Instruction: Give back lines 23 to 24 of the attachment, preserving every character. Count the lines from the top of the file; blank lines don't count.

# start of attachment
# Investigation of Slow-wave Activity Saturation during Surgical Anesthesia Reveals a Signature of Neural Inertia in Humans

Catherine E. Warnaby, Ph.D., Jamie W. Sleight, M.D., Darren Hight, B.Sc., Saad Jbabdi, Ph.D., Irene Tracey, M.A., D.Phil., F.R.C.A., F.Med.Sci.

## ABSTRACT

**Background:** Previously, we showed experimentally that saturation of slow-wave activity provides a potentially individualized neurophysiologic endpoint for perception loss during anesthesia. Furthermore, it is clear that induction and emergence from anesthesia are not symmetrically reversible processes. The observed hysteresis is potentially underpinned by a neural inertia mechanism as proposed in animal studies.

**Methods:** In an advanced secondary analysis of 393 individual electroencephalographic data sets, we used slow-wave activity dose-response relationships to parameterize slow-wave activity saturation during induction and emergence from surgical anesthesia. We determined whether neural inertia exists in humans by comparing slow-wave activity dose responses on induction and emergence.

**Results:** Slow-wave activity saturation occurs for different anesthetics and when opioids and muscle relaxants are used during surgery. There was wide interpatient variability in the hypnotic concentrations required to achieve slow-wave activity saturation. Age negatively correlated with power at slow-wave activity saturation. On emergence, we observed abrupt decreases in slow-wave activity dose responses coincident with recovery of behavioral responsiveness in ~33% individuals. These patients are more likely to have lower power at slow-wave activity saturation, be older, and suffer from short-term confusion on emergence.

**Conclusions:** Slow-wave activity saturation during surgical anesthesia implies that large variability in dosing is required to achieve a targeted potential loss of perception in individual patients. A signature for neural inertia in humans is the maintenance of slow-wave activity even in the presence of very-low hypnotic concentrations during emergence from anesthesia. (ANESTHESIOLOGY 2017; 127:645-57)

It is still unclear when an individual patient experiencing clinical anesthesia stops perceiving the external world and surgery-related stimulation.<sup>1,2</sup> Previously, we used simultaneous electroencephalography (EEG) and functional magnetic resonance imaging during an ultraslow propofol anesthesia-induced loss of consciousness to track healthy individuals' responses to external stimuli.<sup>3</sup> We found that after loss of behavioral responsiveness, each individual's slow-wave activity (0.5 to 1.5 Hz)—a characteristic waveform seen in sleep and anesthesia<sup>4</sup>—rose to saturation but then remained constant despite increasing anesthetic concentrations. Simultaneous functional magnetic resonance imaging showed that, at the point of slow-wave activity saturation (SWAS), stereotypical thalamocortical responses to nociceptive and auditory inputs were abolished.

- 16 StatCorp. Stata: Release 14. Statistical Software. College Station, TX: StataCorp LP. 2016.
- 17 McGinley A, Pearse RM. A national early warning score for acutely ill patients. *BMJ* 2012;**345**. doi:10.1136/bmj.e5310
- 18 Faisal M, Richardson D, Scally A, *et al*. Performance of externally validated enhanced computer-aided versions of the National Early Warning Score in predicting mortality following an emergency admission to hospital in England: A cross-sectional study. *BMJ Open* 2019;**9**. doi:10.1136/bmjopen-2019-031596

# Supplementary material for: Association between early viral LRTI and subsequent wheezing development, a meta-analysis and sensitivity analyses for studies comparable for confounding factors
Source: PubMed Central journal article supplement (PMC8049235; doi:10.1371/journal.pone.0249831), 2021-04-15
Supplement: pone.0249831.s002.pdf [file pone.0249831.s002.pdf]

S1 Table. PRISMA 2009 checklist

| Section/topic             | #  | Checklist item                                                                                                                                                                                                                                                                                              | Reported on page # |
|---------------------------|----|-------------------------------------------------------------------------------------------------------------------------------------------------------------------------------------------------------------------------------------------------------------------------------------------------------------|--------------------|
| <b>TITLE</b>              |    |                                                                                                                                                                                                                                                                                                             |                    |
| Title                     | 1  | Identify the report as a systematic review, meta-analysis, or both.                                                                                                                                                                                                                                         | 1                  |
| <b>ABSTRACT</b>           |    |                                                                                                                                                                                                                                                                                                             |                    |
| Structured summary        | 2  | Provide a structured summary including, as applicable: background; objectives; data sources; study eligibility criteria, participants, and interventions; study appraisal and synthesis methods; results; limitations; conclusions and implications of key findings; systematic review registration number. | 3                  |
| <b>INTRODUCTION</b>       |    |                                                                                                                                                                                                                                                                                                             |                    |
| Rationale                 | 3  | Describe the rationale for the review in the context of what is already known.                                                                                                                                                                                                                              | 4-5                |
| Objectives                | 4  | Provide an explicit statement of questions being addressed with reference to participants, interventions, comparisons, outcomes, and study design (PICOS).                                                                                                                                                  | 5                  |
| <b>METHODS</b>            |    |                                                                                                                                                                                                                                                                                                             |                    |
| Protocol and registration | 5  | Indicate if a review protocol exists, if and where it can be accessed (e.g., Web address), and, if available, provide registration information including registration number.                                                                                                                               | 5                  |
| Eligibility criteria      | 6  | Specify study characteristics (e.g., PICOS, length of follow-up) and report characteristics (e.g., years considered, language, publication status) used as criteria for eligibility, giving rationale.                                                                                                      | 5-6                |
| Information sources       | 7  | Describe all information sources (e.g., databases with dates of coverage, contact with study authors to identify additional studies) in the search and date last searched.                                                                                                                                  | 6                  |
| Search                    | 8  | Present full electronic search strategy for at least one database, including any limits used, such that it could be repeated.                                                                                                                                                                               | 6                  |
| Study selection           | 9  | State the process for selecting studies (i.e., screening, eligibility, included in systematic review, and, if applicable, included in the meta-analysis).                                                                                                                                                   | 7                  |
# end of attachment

| Rationale                 | 3  | Describe the rationale for the review in the context of what is already known.                                                                                                                                                                                                                              | 4-5                |
| Objectives                | 4  | Provide an explicit statement of questions being addressed with reference to participants, interventions, comparisons, outcomes, and study design (PICOS).                                                                                                                                                  | 5                  |